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Second Year Latin - Greenough, D'ooge and Daniell

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Second Year Latin - Greenough, D'ooge and Daniell

Postby phil » Tue Feb 03, 2004 2:25 am

I have just started reading Second Year Latin, and can't understand a couple of bits already! In the second story, Cock-fighting, there is the sentence:
Bello Persico Themistocles cum exercitu iter in hostis faciebat, cum duos gallos vidit in via dimicantis.
During the Persian war, Themistocles was travelling into enemy territory with his army, when he saw two roosters fighting in the road.
With in hostis, I thought that in must be followed by acc (into) or abl (in), but hostis is genitive. Is the word finem missing - into the territory of the enemy? or is there another explanation?
Secondly, dimicantis is singular genitive of the present participle. But as it describes the duos gallos, shouldn't it be plural acc., dimicantes?
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Postby benissimus » Tue Feb 03, 2004 3:39 am

Both of the words you are having trouble with are actually accusative plurals and not genitives. Third declension nominative and especially accusative plurals are found very often in the ending -is rather than -es. The distinction between genitive and nom/acc plural is that the latter is a long I and the former is a short I. This also applies to participles and third declension adjectives.

It is unfortunate that Wheelock does not make this more clear, he only mentions it once or twice in the text (in the small print at the bottom of the page) and maybe a few times in the back.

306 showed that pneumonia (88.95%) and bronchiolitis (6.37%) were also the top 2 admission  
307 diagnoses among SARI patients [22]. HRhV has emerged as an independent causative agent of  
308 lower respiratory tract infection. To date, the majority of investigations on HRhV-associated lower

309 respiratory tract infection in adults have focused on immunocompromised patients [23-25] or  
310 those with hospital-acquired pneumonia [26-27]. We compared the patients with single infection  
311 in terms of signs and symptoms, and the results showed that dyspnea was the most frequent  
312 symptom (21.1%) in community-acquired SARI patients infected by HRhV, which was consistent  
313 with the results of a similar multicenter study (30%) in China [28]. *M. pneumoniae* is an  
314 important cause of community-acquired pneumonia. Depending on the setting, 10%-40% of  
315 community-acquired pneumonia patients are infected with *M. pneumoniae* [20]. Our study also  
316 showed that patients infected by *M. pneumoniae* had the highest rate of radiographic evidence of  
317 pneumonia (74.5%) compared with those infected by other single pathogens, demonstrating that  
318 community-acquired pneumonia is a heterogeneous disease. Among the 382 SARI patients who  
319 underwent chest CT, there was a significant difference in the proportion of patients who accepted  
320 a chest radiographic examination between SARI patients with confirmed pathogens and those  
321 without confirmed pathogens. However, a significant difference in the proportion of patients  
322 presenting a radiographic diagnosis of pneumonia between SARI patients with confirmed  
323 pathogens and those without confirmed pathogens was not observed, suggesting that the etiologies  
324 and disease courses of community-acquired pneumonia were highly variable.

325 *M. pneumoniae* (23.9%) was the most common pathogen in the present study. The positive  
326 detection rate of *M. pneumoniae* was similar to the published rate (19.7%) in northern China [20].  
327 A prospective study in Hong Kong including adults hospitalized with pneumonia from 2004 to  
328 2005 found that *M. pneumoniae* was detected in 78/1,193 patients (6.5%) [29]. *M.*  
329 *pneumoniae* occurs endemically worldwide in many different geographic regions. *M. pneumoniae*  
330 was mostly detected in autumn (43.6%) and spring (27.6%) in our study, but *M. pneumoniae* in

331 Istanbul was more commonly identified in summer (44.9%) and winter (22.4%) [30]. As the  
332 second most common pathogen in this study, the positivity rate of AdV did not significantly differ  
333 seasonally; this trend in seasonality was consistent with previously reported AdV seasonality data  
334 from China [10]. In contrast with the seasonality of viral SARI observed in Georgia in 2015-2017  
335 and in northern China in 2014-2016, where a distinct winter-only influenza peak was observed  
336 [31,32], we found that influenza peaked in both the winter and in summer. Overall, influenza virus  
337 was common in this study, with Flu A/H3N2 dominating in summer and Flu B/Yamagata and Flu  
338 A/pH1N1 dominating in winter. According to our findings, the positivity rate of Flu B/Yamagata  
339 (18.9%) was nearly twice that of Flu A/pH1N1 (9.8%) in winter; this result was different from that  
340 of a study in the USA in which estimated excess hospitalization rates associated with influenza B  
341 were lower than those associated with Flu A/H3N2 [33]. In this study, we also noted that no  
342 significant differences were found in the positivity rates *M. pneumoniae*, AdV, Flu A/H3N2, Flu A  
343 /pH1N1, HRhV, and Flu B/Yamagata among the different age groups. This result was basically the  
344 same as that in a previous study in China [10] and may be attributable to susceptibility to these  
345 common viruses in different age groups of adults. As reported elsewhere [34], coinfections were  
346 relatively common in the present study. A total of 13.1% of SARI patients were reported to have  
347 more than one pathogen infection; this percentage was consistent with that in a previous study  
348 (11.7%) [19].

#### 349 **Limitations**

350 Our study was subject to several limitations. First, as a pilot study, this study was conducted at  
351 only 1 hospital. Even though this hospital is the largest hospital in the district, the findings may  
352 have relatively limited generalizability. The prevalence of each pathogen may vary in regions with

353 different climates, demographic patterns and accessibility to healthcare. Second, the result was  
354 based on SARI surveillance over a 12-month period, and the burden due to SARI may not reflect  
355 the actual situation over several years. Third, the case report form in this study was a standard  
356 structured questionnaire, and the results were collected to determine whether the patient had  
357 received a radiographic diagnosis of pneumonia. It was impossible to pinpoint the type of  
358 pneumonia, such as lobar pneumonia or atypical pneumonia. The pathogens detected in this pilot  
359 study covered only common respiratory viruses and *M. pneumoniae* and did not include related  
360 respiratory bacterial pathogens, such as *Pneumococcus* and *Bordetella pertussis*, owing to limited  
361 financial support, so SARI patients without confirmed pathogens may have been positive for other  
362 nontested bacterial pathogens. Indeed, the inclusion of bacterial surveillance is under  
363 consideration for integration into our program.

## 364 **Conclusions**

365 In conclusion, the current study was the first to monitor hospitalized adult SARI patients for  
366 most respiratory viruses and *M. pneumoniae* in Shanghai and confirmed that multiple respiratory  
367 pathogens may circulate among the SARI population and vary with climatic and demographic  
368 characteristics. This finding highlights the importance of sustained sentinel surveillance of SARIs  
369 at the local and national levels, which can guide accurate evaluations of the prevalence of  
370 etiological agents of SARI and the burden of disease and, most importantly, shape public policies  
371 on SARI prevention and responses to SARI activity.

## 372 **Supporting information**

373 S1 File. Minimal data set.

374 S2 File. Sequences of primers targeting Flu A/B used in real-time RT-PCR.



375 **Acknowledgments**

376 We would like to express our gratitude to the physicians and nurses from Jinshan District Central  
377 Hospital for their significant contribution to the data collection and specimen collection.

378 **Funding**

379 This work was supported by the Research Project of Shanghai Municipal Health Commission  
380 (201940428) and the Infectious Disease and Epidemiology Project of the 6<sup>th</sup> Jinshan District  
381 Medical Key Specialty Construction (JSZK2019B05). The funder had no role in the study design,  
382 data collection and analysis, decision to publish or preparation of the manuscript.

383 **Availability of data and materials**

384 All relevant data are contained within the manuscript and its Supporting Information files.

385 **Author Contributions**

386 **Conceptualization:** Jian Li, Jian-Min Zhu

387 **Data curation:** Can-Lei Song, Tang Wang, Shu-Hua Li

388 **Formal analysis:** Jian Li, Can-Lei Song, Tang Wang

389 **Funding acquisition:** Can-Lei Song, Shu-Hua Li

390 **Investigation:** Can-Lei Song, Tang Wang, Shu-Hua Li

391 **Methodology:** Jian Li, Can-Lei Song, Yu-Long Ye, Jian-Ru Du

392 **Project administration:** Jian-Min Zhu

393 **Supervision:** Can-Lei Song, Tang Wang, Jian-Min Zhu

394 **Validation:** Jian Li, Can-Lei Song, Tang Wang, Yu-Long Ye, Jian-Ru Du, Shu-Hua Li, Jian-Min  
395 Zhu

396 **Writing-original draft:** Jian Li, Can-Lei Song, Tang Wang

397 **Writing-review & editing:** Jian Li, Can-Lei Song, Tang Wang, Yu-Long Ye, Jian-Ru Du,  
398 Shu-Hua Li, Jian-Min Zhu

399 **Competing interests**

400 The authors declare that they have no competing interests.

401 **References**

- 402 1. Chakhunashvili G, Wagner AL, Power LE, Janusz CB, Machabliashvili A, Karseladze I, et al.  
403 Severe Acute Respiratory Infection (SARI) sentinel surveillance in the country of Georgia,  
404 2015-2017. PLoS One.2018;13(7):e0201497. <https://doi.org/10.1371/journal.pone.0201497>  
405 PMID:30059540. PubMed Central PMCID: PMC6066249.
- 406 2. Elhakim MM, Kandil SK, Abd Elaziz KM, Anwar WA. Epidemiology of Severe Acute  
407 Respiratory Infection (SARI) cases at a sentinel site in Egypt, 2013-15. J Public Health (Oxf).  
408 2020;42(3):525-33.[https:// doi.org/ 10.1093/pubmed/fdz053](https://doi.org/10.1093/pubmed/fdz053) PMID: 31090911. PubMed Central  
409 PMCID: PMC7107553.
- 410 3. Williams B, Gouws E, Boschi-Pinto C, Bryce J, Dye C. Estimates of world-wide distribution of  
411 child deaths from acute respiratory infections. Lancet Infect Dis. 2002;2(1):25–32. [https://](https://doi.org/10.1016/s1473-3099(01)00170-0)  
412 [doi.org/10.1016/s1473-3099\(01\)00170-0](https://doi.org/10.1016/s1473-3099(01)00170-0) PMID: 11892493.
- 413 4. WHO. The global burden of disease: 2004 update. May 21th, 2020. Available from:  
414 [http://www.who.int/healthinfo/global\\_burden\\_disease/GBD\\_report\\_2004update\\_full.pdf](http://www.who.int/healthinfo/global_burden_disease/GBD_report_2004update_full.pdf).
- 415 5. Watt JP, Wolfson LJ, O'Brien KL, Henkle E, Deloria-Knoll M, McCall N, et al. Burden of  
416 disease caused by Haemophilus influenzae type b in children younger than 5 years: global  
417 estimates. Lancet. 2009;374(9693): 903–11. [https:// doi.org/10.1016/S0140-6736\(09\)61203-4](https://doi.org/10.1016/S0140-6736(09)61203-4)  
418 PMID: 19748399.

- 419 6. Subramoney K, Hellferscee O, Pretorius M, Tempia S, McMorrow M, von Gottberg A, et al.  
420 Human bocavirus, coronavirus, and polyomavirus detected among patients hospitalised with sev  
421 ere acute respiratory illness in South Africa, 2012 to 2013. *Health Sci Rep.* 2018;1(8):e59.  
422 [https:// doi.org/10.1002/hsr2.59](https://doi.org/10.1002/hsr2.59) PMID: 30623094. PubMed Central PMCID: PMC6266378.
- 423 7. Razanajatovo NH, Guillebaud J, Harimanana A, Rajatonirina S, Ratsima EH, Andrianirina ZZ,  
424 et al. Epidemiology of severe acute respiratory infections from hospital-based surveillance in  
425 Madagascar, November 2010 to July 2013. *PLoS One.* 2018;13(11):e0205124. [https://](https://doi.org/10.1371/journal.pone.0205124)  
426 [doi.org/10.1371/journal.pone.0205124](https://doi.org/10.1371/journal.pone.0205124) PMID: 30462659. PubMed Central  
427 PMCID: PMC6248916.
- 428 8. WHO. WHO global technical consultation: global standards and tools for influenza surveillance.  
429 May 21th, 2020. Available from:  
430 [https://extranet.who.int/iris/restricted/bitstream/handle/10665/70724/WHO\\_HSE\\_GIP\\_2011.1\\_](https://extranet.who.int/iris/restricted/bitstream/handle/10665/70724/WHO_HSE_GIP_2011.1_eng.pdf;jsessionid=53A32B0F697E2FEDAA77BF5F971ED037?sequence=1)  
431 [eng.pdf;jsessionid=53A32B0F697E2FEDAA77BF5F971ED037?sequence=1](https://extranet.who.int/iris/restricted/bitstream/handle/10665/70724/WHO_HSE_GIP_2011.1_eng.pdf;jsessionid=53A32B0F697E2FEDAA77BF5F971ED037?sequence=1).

If you don't have it already, Words is an endlessly useful parsing program. If you had entered "hostis", one of the results would have been
host.is N 3 3 ACC P C
Meaning Noun, Accusative, Plural, C (variable gender)

Bello Persico Themistocles cum exercitu iter in hostis faciebat, cum duos gallos vidit in via dimicantis.

I would translate this something like...
In the Persian War, Themistocles was marching with his army against the enemy, when he saw two roosters fighting in the road.
flebile nescio quid queritur lyra, flebile lingua murmurat exanimis, respondent flebile ripae
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Postby Ulpianus » Tue Feb 03, 2004 10:35 am

It might be worth noting, also, that "the enemy", when it means "the enemy in general" as opposed to "an enemy person" is generally plural: hostes, hostium not hostis, hostis. In other words, Latin used a true plural where we use a collective noun.

While you are at the peculiarities of 3rd declension nouns with i stems: they also have another irregularity: they often form an ablative singular in -i, rather than -e. This could lead you to confuse an ablative singular for a dative.
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Postby Episcopus » Tue Feb 03, 2004 4:31 pm

haha legi anglice "Gauls"! pugnam gallorum velim conspicere sed...ius non permittit ut id fiat. cum autem in Asia nunc sint aegrae aves quare illae non pugnare? Quocumque modo sunt moribundae.
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Postby Ulpianus » Tue Feb 03, 2004 6:03 pm

A sick suggestion ... sick as a chicken.
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Postby Episcopus » Tue Feb 03, 2004 6:08 pm

I'm very much joking though
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Postby phil » Tue Feb 03, 2004 8:00 pm

Thank you all. I'd missed that -is thing. I'll look out for it in future.
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